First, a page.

June 21, 2020 by The Citron Review

by Sayantika Mandal


Naphthalene. That’s what my mother says. Moon-white balls holding magic in them, lying on the shelves of our beige steel almirah, standing in the alcove of the bedroom I share with my parents in our rented apartment. The outer surface of this tall, steel cupboard is pockmarked with stickers and magnets. One sticker shows two dogs looking at each other and the other sticker is a monkey. My handiwork. The inside is inaccessible as my parents carry the keys. A cabinet of my parents’ treasures and secrets; two keys, one with each of them. I wait for Sunday mornings when Maa pushes in the keys and opens its doors, and I get a chance to look in and explore. Inside, there is cash, my mother’s saris and some of her jewelry, our woolens which come out in late November and go inside again in February, old letters and coins, my father’s stack of unused diaries, and on the corners of the shelves draped with yellowed newspaper, mothballs, their scent mingles with the scent of everything old. Old money, old clothes, old paper.

In late September, when the skies blue after the monsoon clouds disperse, leaving behind only a few strips of cotton, my mother empties the shelves, and lays out her saris in the sun to dispel the old smells. I help her carry the saris up the flights of stairs we share with the flat next to ours. Under the equinox sun of the late humid summer that Indians call autumn, the saris absorb the heat, laid out on a madur, a handwoven reed mat, on the dusty, unpolished cement floor of our terrace, blackened with the soot of chimneys that poke their heads out punctuating the green sal trees of Durgapur, the industrial town in eastern India where I grow up. I smell the saris, the blended perfume of naphthalene, old silk, and my mother’s skin. She dry cleans them after wearing them for special occasions, and the little cloth tags from the cleaners hang at the ends, but the smell clings to them. The smell exudes from the almirah, I believe. The rose-pink benarasi with emerald green border she wore in her wedding, the turquoise silk with little silver flowers, the green-and-mustard one with golden paisleys, spread out like a lazy artist’s palette, neat, unused.

The naphthalene balls are crystalline stories, stories that tumble out from my mother as she brings out her saris. The one that my dad first gifted her, the one she wore at my uncle’s wedding, the one her mother passed down to her after she began wearing the lighter shades Bengali women past fifty believe they must stick to, and the last gift from her father before he died. These colorful six yards of cloth are the landmarks of her life, stretched out like a clothes-line, the saris fluttering like flags marking the significant events. Each of them calls for a story, a memory to recount even if I have heard it a year before. She talks about the future too, which saris she plans to give me, when I would finally wear them, and I excitedly begin to choose.

When the ripe afternoon sun leans westwards, and it is time for the usual 4 o’clock Bengali movie in state television, my mother and I carry the saris down the stairs, the silk and cotton soaked with the sun. Inside the almirah, she removes the old, yellow newspapers on the shelves and lines them with fresh, whiter ones, and places the saris gently, stacked neatly in piles over old news reports. The ritual ends when she tears transparent plastic packets of mothballs, and I ask her to let me sprinkle those in the corners of the shelves.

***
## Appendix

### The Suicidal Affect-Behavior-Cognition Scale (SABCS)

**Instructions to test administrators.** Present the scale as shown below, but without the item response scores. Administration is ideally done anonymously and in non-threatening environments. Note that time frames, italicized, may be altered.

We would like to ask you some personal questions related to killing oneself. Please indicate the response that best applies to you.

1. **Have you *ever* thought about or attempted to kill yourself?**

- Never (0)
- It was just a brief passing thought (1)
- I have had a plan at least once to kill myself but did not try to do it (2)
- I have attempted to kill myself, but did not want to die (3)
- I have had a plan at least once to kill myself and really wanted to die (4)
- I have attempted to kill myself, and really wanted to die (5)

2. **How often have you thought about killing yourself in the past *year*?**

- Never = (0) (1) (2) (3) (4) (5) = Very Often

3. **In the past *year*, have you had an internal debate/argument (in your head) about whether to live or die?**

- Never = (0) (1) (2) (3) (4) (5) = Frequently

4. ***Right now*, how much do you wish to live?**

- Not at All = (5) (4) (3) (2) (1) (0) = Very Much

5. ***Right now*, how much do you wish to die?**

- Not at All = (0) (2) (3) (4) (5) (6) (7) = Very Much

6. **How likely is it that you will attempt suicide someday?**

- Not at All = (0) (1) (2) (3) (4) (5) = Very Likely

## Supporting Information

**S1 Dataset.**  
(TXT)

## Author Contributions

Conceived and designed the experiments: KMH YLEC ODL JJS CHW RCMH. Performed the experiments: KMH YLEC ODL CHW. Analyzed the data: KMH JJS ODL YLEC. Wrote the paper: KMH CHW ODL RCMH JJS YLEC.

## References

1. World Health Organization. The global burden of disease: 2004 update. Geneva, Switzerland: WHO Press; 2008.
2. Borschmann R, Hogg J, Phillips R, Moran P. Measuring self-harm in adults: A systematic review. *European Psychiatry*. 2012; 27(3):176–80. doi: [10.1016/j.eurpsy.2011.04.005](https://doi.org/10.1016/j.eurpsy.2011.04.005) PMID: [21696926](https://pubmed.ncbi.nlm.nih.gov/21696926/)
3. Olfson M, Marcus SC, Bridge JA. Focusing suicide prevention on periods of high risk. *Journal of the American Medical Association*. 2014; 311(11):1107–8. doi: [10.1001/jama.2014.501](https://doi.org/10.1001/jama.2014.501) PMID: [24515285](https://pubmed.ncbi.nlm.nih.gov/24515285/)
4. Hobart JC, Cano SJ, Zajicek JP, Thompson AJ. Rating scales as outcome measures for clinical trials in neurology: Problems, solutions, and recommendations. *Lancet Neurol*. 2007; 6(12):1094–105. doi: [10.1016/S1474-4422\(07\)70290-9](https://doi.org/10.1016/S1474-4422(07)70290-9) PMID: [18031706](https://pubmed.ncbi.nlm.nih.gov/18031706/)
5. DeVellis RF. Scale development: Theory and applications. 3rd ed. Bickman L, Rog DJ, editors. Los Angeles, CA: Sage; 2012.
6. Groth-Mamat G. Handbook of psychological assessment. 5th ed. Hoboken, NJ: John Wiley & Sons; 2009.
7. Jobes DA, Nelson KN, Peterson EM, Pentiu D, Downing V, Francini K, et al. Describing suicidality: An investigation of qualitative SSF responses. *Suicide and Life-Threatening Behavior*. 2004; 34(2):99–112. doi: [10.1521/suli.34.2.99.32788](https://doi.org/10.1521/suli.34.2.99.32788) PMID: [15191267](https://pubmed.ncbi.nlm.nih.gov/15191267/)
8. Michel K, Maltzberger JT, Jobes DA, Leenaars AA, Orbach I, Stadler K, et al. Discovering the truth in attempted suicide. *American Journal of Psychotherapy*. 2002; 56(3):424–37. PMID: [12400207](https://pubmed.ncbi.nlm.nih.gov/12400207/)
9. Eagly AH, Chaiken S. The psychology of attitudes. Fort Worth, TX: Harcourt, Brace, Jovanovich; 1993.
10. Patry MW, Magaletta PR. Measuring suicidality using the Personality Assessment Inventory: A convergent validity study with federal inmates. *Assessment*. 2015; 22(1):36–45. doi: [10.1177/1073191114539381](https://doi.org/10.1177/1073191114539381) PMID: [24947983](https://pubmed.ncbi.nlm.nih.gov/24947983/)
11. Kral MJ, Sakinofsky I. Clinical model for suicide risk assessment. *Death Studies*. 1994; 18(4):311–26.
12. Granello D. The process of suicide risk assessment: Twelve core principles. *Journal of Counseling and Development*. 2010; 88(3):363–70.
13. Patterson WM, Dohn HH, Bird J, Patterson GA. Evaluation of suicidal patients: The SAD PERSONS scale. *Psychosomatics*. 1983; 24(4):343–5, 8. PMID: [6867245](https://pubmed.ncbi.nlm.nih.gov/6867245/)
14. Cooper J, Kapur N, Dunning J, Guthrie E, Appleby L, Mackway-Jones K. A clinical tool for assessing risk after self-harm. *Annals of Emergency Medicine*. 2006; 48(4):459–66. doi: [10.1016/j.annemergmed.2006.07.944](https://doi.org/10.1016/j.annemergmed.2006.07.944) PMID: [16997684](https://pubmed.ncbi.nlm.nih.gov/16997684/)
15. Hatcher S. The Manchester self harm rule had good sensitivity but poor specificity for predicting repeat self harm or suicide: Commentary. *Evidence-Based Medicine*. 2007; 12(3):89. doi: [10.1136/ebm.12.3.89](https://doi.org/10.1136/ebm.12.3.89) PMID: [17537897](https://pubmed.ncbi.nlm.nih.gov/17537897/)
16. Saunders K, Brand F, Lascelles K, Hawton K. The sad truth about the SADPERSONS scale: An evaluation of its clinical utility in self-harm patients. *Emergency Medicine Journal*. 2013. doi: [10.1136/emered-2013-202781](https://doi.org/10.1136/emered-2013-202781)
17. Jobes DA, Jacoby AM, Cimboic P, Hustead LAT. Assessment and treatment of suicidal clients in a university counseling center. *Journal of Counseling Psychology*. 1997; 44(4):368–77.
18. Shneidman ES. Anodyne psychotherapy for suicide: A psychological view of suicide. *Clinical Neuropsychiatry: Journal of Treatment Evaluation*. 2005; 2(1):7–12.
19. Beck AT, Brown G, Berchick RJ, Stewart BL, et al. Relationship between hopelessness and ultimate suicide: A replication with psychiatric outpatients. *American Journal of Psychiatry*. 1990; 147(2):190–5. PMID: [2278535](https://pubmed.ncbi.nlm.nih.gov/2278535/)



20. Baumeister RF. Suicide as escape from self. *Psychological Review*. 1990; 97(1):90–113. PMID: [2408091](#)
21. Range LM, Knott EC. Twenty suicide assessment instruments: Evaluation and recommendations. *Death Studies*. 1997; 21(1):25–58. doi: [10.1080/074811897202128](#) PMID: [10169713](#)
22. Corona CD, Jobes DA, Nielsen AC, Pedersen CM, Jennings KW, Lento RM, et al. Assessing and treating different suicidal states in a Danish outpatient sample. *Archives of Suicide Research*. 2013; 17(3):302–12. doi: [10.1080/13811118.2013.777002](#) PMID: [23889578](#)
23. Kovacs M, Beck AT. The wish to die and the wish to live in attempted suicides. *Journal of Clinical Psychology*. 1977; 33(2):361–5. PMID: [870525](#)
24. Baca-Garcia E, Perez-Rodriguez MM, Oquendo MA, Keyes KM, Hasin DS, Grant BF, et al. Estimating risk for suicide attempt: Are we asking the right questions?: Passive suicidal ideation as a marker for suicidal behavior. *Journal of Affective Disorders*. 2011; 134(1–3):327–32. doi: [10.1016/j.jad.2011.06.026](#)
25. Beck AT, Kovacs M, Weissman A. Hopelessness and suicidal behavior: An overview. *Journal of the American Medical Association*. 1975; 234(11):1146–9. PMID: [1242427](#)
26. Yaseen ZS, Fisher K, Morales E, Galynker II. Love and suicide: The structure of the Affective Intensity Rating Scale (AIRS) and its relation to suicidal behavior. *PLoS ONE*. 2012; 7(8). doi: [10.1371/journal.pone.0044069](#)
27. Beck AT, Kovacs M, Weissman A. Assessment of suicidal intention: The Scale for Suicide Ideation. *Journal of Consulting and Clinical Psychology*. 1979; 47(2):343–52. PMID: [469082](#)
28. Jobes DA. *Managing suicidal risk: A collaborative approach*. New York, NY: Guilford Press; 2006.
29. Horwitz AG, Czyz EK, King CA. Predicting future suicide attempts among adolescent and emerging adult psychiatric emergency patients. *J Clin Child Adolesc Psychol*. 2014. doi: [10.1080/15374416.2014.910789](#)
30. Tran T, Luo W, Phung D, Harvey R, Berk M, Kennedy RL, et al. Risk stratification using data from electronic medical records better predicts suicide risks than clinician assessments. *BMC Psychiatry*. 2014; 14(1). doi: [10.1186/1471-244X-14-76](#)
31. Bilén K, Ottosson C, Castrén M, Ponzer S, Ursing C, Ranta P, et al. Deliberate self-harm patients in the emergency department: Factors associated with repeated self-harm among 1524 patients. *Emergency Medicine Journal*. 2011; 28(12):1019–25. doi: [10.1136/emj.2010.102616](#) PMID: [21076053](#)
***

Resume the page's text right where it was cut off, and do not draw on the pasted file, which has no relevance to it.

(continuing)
I watch them on my palm, the smooth white beads of carbon and hydrogen honeycombed together. Volatile, diffusing into the dark trapped air of the almirah little by little, keeping silverfish and mold away, preserving the old sun soaked in the mesh of cotton, silk and wool threads, along with memories that perch like silent moths on the folds of the fabric. Perhaps that’s why they are called mothballs, crystal balls that conjure up the past instead of the future. The invisible vapors I now know to be carcinogenic enter my nostrils. I place them on the shelves, strewing them like pearls.

Sublimation: A physical process by which a solid changes directly into a gaseous state, without going into the liquid state, my textbook read, five or six years later. Process by which objects vaporize into thin air. Weak molecular forces fail to hold them down. Things rising up in smoke, dispersing and spreading in ether, and we are but bodies swimming in the chaos—of gases, of memories, of wispy, fragile things that escape our fists.

Wash your hands with soap, my mother says, as she locks the doors of the steel cabinet. I rub my hands with soap, the smell of antiseptic overpowers naphthalene. It’s time for the movie, then the news, and then homework, packing bags for school, and a Monday. The stacks of silk and cotton rest on the dark shelves like memories to be relived, waiting for the next festival, or wedding, or the autumn sun of another year.


Sayantika Mandal is an Indian writer. She completed her MFA in Writing (Fiction) from University of San Francisco where she was awarded the Jan Zivic Fellowship, and is about to begin her PhD in English with Creative dissertation from University of Georgia, Athens. Her writing has appeared in Dukool Magazine, Cerebration, Feminism in India, Times of India (Spellbound edition) and others. She is currently working on her first novel, Driftwood.


One thought on “Mothballs

  1. […] Mandal has an essay up at The Citron Review titled ‘Mothballs’ and it’s about her mother, growing up in eastern India, and […]

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